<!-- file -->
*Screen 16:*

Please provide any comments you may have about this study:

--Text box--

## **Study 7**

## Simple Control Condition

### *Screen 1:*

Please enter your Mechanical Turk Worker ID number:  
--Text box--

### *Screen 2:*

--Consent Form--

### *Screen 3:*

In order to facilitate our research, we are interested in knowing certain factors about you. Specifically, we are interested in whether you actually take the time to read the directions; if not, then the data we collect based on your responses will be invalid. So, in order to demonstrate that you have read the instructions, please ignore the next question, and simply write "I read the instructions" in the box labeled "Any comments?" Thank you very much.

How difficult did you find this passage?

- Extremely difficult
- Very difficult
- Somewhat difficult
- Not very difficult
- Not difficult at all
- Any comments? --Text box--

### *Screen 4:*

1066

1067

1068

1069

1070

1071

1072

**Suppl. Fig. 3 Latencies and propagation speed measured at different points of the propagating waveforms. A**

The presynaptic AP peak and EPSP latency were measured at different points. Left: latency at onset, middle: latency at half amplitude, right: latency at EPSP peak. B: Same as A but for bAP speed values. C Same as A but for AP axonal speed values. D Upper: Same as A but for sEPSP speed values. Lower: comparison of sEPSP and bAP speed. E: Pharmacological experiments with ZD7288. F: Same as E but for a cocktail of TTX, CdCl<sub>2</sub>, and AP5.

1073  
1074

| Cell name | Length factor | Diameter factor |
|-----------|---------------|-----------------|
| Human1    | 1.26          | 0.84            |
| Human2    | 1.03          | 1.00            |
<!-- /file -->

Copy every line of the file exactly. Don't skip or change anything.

*Screen 16:*

Please provide any comments you may have about this study:

--Text box--

## **Study 7**

## Simple Control Condition

### *Screen 1:*

Please enter your Mechanical Turk Worker ID number:  
--Text box--

### *Screen 2:*

--Consent Form--

### *Screen 3:*

In order to facilitate our research, we are interested in knowing certain factors about you. Specifically, we are interested in whether you actually take the time to read the directions; if not, then the data we collect based on your responses will be invalid. So, in order to demonstrate that you have read the instructions, please ignore the next question, and simply write "I read the instructions" in the box labeled "Any comments?" Thank you very much.

How difficult did you find this passage?

- Extremely difficult
- Very difficult
- Somewhat difficult
- Not very difficult
- Not difficult at all
- Any comments? --Text box--

### *Screen 4:*

1066

1067

1068

1069

1070

1071

1072

**Suppl. Fig. 3 Latencies and propagation speed measured at different points of the propagating waveforms. A**

The presynaptic AP peak and EPSP latency were measured at different points. Left: latency at onset, middle: latency at half amplitude, right: latency at EPSP peak. B: Same as A but for bAP speed values. C Same as A but for AP axonal speed values. D Upper: Same as A but for sEPSP speed values. Lower: comparison of sEPSP and bAP speed. E: Pharmacological experiments with ZD7288. F: Same as E but for a cocktail of TTX, CdCl<sub>2</sub>, and AP5.

1073  
1074

| Cell name | Length factor | Diameter factor |
|-----------|---------------|-----------------|
| Human1    | 1.26          | 0.84            |
| Human2    | 1.03          | 1.00            |